Finally, we come to the back pages of the newsweekly, to its ‘Newsmakers’ section. This is where The Heat normally injects acerbic comments targeted at personalities and groups who have been making the headlines for usually the wrong reasons. I’m happy to see that in this issue, much unlike the last one just before The Heat’s suspension, the editorial board has regained its erstwhile candour.

I love the entry that goes: “(G.) Palanivel and Adnan (Yaakob) should realise that they cannot hoodwink the people for too long. If they cannot keep their promises to the voters, perhaps they should not have taken the responsibility of becoming MP (Member of Parliament) or MB (Menteri Besar).” These are pretty strong words that the reading public would not get to see in most, if any other, news publications.

On the whole, it’s good to see that The Heat is alive and kicking ass. Goodness knows we need more of that in the print media, especially in these crazy times when so much stupidity is flying around, much of it coming from the ruling establishment and its associates.

Even the suspension of The Heat was an exercise in stupidity. We could see the lie in the Home Ministry’s statement that the newsweekly did not adhere to the conditions of its publishing licence; it was so transparent. We were well aware that the real reason for the suspension was to intimidate The Heat because it had incurred the Government’s displeasure with its critical coverage of pressing issues. The upshot of the resulting hoo-ha, however, is that more people have now become aware of the newsweekly and what it does, and this would probably drive up its circulation. And that, ironically, is not what the Government would have wanted in the first place.

It’s timely that the newsweekly made its return this week. It coincided with the release of the 2014 World Press Freedom Index which shows that Malaysia’s press freedom index has plunged to the low position of 147th out of 180 countries. This is the lowest the country has fallen to. And – would you believe it? – we are now even lower than Cambodia (132rd) and Myanmar (145th).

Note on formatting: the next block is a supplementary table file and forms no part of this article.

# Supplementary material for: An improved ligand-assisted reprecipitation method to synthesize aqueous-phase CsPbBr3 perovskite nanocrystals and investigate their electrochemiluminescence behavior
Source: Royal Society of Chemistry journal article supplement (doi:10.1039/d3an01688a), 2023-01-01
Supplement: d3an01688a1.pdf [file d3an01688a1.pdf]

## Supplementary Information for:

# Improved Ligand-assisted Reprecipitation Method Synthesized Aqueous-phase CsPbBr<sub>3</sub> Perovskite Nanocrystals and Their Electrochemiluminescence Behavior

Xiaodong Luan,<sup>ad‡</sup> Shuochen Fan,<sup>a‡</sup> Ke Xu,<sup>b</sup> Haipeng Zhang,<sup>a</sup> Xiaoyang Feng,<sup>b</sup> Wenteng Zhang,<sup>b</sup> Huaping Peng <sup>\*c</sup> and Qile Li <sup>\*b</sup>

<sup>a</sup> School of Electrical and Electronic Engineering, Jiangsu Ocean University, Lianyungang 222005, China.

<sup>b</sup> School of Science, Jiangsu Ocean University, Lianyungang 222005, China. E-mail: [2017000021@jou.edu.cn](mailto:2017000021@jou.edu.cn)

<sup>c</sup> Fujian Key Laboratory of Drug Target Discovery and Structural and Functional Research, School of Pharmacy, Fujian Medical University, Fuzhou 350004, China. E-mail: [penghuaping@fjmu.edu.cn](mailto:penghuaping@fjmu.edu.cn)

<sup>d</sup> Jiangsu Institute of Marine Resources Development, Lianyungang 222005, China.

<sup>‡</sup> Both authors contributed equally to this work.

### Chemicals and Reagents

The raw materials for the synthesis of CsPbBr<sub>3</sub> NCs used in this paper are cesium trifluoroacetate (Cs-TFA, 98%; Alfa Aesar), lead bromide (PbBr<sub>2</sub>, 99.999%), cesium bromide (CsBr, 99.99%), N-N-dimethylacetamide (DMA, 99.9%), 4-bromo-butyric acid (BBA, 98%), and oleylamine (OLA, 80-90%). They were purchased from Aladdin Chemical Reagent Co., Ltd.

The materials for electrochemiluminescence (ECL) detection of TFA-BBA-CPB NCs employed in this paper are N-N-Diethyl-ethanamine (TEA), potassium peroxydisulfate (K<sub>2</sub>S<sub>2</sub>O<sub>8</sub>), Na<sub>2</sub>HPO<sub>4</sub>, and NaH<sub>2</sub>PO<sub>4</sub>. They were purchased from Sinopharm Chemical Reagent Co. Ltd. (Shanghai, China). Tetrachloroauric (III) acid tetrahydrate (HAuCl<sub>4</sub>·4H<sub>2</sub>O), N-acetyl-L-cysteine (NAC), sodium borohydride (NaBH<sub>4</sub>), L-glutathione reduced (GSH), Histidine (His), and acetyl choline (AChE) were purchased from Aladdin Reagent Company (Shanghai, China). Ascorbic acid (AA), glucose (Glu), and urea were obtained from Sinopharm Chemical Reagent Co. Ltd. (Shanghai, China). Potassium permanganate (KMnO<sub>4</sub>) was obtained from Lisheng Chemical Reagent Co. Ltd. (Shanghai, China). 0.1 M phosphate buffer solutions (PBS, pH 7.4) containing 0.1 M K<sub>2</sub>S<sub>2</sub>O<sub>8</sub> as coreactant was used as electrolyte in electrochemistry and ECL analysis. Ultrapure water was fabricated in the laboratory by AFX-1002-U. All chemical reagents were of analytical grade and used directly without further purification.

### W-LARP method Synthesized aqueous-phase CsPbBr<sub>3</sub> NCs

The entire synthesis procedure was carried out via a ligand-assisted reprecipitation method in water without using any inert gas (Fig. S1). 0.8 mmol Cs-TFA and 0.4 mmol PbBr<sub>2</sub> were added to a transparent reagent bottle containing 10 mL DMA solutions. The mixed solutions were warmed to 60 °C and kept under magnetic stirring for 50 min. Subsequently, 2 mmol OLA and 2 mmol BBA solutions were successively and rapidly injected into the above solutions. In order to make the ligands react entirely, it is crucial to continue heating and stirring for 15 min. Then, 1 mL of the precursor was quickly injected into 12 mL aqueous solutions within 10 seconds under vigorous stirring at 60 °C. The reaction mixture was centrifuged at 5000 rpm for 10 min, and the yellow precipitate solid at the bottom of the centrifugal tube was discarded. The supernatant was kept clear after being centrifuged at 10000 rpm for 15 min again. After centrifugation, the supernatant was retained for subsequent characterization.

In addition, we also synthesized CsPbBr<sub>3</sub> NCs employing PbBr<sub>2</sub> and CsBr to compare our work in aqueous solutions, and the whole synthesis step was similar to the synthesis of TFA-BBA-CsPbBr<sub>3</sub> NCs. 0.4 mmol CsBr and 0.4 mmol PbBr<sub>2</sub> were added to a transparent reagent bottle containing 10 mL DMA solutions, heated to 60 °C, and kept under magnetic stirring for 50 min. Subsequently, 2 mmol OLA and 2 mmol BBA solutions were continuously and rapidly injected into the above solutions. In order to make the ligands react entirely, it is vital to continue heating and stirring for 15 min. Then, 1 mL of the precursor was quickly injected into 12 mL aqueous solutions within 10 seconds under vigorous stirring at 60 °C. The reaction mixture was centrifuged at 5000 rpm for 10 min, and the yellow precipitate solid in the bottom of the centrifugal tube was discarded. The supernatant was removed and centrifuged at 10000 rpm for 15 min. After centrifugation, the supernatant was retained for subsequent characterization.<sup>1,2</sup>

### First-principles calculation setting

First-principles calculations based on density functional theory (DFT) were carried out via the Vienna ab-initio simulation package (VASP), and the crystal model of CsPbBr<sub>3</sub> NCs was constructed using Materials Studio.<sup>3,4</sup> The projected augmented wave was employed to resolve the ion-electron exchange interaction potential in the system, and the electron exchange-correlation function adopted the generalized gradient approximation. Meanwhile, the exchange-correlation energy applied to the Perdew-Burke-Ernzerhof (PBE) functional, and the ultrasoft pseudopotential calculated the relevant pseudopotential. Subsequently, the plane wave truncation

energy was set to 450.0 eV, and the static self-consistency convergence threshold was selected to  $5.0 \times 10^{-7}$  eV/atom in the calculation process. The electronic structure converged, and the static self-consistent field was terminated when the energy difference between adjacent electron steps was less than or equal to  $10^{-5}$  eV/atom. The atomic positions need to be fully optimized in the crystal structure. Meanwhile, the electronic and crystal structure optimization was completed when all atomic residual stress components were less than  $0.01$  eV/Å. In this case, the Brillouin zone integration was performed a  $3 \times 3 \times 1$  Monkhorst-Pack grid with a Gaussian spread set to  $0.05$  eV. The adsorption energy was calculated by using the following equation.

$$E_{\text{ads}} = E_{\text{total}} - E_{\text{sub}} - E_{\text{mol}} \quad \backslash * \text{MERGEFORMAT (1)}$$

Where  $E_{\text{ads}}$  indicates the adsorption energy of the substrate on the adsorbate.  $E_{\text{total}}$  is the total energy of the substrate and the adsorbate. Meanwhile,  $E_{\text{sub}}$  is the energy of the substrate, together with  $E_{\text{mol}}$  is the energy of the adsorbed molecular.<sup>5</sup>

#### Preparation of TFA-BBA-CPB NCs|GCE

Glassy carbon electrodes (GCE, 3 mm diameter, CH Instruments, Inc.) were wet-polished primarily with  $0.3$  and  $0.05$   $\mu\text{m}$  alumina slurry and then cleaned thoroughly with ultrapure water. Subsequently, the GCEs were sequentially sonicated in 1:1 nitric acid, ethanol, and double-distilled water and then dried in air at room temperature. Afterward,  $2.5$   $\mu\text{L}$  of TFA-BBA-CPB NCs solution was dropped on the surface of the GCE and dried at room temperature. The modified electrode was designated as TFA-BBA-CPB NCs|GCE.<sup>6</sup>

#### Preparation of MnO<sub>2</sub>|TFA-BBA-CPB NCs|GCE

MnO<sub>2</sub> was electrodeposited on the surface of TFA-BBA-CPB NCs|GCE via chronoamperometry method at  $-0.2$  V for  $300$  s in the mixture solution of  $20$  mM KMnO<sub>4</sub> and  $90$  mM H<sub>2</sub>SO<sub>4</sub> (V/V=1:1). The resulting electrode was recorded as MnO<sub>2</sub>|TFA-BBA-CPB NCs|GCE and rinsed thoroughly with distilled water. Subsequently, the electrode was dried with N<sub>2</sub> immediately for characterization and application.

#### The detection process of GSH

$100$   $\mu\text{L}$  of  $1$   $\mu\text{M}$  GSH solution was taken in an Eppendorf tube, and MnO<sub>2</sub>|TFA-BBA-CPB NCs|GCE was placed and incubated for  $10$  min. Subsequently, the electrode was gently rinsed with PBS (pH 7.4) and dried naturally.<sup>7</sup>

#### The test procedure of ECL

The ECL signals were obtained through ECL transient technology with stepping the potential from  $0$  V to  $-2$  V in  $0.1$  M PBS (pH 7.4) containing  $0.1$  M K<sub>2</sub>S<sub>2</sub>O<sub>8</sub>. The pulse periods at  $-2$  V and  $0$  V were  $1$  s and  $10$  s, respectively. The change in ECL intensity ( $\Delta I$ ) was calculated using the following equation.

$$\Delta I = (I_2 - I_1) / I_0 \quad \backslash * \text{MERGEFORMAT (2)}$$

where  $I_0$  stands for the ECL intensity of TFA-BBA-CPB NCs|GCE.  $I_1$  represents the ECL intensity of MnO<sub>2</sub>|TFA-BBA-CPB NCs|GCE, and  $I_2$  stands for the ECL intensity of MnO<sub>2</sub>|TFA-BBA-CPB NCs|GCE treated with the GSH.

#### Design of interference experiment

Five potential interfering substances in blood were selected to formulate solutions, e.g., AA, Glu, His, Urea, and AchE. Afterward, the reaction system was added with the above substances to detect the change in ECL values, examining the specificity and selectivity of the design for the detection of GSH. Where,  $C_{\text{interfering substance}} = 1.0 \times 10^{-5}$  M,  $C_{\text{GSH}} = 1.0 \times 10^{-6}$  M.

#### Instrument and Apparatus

What’s more, cynics would say this is probably the only thing at which we are better off than Singapore, which is placed 150th.

No doubt, the suspension of The Heat would have been one of the factors that caused our drop from 145th in 2013. But now one wonders what our position will be next year since the Home Ministry has just revoked the publishing licence of FZ Daily which it had initially approved last August. This revocation happened only less than two weeks ago, and the ministry gave no reason for it.

Even radio has not been spared. Last Wednesday, the Malaysian Communications and Multimedia Commission barred the business radio BFM from broadcasting its interview with Opposition Leader Anwar Ibrahim.

And yet the next day, the Prime Minister’s Office had the gumption to say that the media in Malaysia is “freer than it has ever been”. This is either self-denial or a downright lie or a ploy to deceive Malaysians who are poorly informed.

Whatever it is, the motive is suspect and the Government looks bad for doing what it does. Prime Minister Najib Razak can eat the words he said in September 2011 about wanting to make  Malaysia “the best democracy in the world”. The way things are going, he’s probably more adept at making it one of the worst.